This was required reading for a graduate course in the history of American military affairs. The goal of Robert O'Connell's book Sacred Vessels: The Cult Of The Battleship And The Rise of the U.S. Navy, was to examine the over fifty-year "love affair" that the U.S. Navy had for its battleships. O'Connell very ably articulated that after reading Alfred Thayer Mahan's book published in 1890, Influence of Seapower Upon History, naval and political leaders in the U.S. and in several other countries such as Britain, Germany, and Japan, quickly adopted the battleship as their weapon of choice to defend their shores, and as the ultimate weapon to project their military power abroad. Mahan's thesis was that great nations possessed mighty navies that protected their sea-lanes for commerce and also had the offensive capability of destroying the enemies' navy, which in turn allowed them to blockade and starve their enemy into submission. Thus, O'Connell's thesis was that Mahan's philosophy of naval warfare lent itself to the adoption and "myopic adoration" by American politicians; especially naval leaders of the battleship as its set piece weapon for over fifty years. In addition, most naval leaders stubbornly ignored the strategic and tactical technological advancements of such weapons as submarines and carrier-based airplanes, in deference to keeping the battleship on top of the navy's weapon pyramid. "To those men the battleship was the single most important artifact of their professional existence: It symbolized everything that was acceptable and orderly about naval life" (3).
The strengths of O'Connell's book was in his examination of the U.S. Navy's traditions and how they caused its officer corps to hold onto their obstinate adoration of the battleship, which caused a culture of malevolent neglect towards any other technological advances in naval warfare that threatened to remove the battleship from atop the navy pyramid. In particular, with regards to the training, assigning, and promotion system of its officer corps, the battleship became the logical ship to which all officers aspired to be assigned to and take command of someday. In addition, O'Connell pointed out that until 1899, the promotion system was based on seniority and not meritocracy like other major navies. "In 1906 the youngest captain in the U.S. Navy was fifty-five years old, or twenty years the senior of his youngest European counterpart. Promotion to rear admiral before the age of sixty was considered unusual" (23-24). Except for a few daring officers like Admiral William S. Sims, who was open to and promoted technological advancements in naval war fighting, O'Connell's book adeptly proved that the navy's antiquated culture was extremely slow to change. Even the empirical evidence provided by Germany's successful submarine warfare during World War I, as well as General Billy Mitchell's successful aerial bombing and sinking of the captured German battleship Ostfriesland in 1921, could not change the navy's adoration for the battleship. Thus, the battleship as the "behemoth of the oceans" with its perceived geo-political projection of power caused it to continue to be the premier naval weapon until December 7, 1941, when the Japanese sank five and damaged two of them in their aerial attack on Pearl Harbor. O'Connell's examination of the questionable effectiveness of the battleship as a weapon through the lens of a military intelligence analyst was most enlightening making his book a must read for historians and political scientists.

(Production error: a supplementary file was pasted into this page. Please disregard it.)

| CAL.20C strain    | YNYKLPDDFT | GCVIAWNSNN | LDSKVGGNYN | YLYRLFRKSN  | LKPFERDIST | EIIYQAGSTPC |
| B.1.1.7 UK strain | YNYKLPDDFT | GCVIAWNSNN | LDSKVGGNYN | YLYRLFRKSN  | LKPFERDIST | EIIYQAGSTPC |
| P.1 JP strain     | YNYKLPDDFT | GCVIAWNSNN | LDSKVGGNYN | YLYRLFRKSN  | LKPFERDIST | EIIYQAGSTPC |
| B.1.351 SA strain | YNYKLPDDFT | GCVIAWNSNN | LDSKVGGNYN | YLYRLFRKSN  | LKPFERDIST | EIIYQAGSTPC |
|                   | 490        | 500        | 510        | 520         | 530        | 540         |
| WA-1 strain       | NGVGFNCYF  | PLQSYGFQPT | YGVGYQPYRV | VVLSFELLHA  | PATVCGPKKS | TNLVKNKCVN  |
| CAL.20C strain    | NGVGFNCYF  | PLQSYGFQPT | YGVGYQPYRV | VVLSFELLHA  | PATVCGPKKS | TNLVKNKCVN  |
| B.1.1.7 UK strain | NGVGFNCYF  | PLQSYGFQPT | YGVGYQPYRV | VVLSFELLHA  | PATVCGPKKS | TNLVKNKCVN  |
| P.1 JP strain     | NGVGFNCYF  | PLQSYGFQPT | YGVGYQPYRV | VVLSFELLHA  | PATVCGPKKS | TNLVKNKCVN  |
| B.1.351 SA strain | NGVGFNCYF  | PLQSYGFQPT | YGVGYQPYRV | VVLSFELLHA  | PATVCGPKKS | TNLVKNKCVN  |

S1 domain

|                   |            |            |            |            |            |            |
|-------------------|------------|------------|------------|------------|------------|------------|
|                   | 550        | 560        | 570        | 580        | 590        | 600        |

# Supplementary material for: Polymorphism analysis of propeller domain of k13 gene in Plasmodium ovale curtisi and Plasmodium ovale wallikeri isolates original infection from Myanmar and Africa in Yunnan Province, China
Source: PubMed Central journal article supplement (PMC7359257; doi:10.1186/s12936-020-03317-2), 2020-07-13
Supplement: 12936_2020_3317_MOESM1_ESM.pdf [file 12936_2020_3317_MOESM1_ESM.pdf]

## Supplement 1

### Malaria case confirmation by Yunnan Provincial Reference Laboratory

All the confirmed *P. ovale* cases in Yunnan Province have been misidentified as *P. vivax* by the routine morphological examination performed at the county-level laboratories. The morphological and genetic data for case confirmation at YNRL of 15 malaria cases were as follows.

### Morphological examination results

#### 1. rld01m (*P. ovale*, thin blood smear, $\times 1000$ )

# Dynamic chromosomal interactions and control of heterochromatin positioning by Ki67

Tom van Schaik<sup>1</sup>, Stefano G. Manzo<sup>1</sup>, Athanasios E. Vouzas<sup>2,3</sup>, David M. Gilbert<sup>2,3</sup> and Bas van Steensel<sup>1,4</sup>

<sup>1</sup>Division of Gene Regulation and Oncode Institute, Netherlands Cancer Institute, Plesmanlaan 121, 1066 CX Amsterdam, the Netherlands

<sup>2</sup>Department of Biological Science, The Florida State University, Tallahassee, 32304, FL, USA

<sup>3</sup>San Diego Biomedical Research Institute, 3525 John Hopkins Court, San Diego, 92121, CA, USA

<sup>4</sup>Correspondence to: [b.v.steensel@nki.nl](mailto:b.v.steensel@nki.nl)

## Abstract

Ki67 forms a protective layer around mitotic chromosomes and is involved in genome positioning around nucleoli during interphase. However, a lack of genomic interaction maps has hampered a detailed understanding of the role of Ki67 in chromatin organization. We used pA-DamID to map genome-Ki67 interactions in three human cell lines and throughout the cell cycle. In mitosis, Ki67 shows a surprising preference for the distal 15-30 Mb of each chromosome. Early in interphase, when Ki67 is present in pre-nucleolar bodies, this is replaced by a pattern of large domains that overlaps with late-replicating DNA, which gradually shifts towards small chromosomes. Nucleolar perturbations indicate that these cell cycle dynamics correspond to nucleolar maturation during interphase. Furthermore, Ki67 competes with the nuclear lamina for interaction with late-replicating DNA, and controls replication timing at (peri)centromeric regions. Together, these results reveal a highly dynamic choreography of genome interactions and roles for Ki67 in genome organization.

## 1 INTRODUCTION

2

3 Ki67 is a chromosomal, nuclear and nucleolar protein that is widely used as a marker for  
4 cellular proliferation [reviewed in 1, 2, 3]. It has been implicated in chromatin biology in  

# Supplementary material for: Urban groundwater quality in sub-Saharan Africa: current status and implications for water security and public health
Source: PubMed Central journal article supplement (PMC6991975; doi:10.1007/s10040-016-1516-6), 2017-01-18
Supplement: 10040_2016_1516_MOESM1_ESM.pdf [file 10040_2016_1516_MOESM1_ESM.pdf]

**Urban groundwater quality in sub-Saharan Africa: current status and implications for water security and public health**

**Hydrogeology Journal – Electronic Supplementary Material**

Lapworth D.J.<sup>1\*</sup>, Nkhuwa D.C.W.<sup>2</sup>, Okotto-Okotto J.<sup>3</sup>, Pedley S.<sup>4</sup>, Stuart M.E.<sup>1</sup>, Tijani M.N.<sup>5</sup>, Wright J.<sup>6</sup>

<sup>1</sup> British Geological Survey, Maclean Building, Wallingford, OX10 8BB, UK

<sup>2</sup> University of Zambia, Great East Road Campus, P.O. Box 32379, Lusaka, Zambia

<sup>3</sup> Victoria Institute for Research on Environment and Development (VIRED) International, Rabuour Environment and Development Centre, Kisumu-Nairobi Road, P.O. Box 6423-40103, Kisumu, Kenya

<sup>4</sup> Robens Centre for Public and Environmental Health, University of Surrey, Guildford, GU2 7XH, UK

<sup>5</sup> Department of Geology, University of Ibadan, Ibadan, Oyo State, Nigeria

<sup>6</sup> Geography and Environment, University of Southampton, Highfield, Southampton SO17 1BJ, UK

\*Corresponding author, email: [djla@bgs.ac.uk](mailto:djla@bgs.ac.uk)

Recommended reading for anyone interested in military history, and American history.